Built in 1927 by the Fate-Root-Heath company of Plymouth, Ohio. Formerly used to shuttle coal cars at the Mistersky power plant in Detroit, Michigan.

(priceman 141, https://www.flickr.com/photos/115310862@N04/19007226951/, Creative Commons Attribution 2.0 Generic)


Plymouth logo


Plymouth Locomotive Works was a US builder of small railroad locomotives. All Plymouth locomotives were built in a plant in Plymouth, Ohio until 1997 when the company was purchased by Ohio Locomotive Crane and production moved to Bucyrus, Ohio in 1999. Production of locomotives has now ceased, and rights to the spare parts business have been sold to Williams Distribution.

Today these types of locomotives are commonly referred to as "critters".


Plymouth locomotive 'Admiral' of the Guadalcanal, Bougainville and Tokyo Railway on the Solomon Islands, ca. November 1943.

(United States Marine Corps, Public domain, via Wikimedia Commons)



Plymouth locomotives were first built in 1910 by the J. D. Fate Company, which became Fate-Root-Heath in 1919. The J.D. Fate patent application filed in 1917 shows the engine driving a clutch and a continuously variable transmission that allowed varying the speed through zero to reverse the locomotive. The output of the transmission drove a transverse jackshaft through a chain drive, with additional drive chains to the two driving axles. All early Plymouth locomotives used this drive scheme. The Fate-Root-Heath patent application filed in 1925 shows a far more conventional 4-speed transmission and reverse gears driving the jackshaft and final chain drive to the 2 driving axles.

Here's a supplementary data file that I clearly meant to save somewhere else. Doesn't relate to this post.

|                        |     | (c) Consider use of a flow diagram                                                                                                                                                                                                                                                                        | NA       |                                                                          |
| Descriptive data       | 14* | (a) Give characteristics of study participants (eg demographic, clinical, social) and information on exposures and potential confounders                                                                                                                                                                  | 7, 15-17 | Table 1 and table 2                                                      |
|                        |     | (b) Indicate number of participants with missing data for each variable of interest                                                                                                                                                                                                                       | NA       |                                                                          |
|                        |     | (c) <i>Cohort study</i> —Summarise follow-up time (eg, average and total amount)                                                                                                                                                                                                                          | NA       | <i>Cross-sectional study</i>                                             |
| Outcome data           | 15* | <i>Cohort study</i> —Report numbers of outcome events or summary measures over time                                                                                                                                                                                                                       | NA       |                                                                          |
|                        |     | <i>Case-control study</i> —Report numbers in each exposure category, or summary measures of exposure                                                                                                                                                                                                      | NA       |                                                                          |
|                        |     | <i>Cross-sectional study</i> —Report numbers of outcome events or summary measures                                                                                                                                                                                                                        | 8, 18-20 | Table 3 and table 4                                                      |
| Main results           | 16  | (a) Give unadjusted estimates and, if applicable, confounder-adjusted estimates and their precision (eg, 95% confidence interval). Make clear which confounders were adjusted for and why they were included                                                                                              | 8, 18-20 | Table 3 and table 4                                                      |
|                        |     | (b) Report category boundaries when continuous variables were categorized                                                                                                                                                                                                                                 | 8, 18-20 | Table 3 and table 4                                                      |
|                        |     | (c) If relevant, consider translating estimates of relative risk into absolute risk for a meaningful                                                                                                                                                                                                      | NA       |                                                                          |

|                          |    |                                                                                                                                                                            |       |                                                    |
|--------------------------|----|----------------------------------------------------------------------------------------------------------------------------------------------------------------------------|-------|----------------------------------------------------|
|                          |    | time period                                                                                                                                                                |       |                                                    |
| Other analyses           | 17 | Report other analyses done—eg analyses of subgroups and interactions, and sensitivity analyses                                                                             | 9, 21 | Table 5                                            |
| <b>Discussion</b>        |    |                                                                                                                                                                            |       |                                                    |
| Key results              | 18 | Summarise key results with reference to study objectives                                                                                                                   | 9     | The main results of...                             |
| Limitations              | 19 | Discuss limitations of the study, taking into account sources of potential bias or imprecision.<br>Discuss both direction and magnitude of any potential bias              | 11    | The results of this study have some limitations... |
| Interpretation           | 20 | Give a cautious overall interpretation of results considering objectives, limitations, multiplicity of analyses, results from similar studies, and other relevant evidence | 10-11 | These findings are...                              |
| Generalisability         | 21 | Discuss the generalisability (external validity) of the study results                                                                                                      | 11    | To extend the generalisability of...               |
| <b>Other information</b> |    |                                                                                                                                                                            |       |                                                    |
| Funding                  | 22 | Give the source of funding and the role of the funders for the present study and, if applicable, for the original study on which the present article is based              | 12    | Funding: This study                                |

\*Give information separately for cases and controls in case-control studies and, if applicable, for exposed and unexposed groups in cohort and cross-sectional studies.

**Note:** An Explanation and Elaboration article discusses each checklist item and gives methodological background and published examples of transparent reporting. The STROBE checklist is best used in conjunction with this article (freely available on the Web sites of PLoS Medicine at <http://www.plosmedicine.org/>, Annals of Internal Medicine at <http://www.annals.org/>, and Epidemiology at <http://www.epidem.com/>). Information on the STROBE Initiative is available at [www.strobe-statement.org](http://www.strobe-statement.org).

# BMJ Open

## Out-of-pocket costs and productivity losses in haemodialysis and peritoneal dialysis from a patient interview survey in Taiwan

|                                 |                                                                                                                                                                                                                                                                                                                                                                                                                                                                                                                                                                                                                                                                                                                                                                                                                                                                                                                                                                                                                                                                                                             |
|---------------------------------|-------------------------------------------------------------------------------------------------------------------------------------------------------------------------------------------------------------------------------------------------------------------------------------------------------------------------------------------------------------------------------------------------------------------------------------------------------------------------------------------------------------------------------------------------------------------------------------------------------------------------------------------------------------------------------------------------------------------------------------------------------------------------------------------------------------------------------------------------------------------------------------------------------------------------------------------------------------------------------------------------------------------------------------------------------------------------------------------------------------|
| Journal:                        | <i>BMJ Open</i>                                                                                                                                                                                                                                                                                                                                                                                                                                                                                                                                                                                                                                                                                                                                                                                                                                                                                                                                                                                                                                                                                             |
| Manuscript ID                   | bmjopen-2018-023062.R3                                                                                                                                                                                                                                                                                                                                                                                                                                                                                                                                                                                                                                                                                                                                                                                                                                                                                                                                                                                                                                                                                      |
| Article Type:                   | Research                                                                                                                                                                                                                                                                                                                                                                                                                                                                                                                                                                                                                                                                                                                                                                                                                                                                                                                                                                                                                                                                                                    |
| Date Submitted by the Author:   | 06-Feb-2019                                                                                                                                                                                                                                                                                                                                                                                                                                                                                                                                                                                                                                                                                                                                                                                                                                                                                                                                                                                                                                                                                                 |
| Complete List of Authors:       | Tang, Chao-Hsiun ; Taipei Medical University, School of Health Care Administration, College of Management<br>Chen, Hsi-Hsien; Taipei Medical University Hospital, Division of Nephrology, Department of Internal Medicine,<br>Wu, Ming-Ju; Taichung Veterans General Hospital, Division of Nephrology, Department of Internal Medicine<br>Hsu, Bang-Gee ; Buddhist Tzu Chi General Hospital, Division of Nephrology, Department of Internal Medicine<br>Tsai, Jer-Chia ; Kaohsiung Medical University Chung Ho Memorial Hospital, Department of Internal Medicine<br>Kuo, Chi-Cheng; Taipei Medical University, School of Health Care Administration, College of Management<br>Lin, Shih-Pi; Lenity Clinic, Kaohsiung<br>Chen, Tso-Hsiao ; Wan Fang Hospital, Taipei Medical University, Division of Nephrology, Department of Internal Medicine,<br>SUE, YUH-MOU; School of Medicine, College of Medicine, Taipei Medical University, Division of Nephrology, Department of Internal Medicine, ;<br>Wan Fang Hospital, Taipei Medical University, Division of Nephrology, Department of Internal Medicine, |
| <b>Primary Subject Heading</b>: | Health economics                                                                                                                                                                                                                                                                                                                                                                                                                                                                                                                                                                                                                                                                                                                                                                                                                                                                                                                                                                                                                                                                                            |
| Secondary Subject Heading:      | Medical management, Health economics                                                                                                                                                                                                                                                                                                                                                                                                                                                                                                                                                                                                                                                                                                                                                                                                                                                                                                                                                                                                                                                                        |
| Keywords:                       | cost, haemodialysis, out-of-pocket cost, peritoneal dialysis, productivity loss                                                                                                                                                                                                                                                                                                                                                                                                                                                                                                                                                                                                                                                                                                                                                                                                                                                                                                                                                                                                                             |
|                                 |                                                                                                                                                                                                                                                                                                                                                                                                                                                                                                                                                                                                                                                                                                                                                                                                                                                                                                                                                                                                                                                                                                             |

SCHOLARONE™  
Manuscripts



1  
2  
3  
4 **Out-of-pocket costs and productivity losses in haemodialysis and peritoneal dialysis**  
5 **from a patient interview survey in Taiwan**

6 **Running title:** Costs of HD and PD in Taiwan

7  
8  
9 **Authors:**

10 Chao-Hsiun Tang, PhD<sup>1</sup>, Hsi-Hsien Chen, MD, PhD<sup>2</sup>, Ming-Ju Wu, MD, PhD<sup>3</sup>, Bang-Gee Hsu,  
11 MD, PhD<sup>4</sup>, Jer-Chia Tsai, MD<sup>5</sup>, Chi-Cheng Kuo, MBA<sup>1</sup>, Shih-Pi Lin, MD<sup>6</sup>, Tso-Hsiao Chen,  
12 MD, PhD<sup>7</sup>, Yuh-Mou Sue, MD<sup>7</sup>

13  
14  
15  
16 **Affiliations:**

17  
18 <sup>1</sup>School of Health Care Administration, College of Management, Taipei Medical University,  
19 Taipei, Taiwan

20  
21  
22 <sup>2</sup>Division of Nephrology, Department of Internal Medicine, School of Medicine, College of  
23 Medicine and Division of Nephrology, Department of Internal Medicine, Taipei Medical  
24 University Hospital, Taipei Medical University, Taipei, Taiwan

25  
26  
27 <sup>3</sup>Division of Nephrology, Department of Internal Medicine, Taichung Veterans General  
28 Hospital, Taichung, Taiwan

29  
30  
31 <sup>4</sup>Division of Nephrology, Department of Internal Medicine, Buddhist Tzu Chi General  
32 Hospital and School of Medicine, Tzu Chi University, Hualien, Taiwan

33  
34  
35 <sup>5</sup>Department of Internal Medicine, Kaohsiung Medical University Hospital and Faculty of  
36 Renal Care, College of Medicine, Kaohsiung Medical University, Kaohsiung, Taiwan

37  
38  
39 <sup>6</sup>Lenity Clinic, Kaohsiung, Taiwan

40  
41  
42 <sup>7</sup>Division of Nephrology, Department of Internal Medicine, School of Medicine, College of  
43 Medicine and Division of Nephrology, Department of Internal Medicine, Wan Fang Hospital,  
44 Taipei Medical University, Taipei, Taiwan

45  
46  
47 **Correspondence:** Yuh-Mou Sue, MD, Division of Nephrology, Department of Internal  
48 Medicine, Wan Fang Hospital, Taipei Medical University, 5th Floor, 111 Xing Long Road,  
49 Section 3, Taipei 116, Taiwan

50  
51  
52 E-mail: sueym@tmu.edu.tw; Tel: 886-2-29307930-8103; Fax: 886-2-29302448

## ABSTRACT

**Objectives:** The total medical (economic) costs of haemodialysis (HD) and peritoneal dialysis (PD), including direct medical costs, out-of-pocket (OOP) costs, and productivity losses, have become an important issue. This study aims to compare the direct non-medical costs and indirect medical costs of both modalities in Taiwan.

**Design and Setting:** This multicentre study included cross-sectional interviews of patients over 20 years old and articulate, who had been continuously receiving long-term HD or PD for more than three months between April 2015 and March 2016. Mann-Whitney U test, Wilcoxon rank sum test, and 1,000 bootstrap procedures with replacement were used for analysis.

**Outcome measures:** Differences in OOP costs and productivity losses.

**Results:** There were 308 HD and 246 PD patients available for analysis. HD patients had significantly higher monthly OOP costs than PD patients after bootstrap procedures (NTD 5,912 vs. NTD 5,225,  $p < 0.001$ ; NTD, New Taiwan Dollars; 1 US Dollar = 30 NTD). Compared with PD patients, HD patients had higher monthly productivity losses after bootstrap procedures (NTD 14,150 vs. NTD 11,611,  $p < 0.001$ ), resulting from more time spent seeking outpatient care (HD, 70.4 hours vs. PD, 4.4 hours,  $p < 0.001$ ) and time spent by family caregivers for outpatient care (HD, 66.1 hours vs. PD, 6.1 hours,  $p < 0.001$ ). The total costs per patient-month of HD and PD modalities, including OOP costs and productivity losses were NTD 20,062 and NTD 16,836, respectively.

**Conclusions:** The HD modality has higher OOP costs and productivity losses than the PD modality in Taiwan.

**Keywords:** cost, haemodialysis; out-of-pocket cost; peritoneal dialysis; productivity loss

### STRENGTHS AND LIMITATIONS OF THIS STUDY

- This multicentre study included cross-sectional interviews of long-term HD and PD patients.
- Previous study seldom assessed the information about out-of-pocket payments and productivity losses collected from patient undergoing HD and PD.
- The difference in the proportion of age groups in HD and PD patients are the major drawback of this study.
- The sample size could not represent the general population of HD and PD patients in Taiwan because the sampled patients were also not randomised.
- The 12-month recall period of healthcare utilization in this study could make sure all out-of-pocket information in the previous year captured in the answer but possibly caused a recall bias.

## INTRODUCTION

All early Plymouth locomotives were powered by gasoline-burning internal combustion engines, but in 1927 the first diesel was produced. The company changed its name to match its locomotive plant in the late 1950s, becoming Plymouth Locomotive Works, changing again to Plymouth Industries in the late 1970s.


A 40 Ton Plymouth Locomotive at the Linden Depot Museum, Linden, Indiana, 2009.

(Jim Hammer from Lafayette, Indiana, USA, CC BY-SA 2.0 <https://creativecommons.org/licenses/by-sa/2.0>, via Wikimedia Commons)



Plymouth was one of the world's most prolific builders of small industrial locomotives, with over 7,500 constructed. About 1,700 are believed to still be in active use, some over 50 years old. Almost all Plymouth locomotives were under 25 tons.

Early Plymouth gasoline-powered locomotives were built with Chrysler engines. (Chrysler's Plymouth automotive branding was unrelated.) In 1937, Plymouth constructed two prototype short-line railroad locomotives, one that ran on butane and another that ran on propane. Plymouth produced locomotives in most rail gauges, mostly with mechanical torque converter transmissions.


Joplin-Pittsburg No. 2003, a Short Line Propane Electric Engine built by Plymouth Locomotive Works, 1936.

(Gary Lee Todd, Ph.D., CC0, via Wikimedia Commons)


Ad for Plymouth Locomotive Works in the publication Engineering News, 1926.

(Plymouth Locomotive Works/Fate-Root-Heath Company., Public domain, via Wikimedia Commons)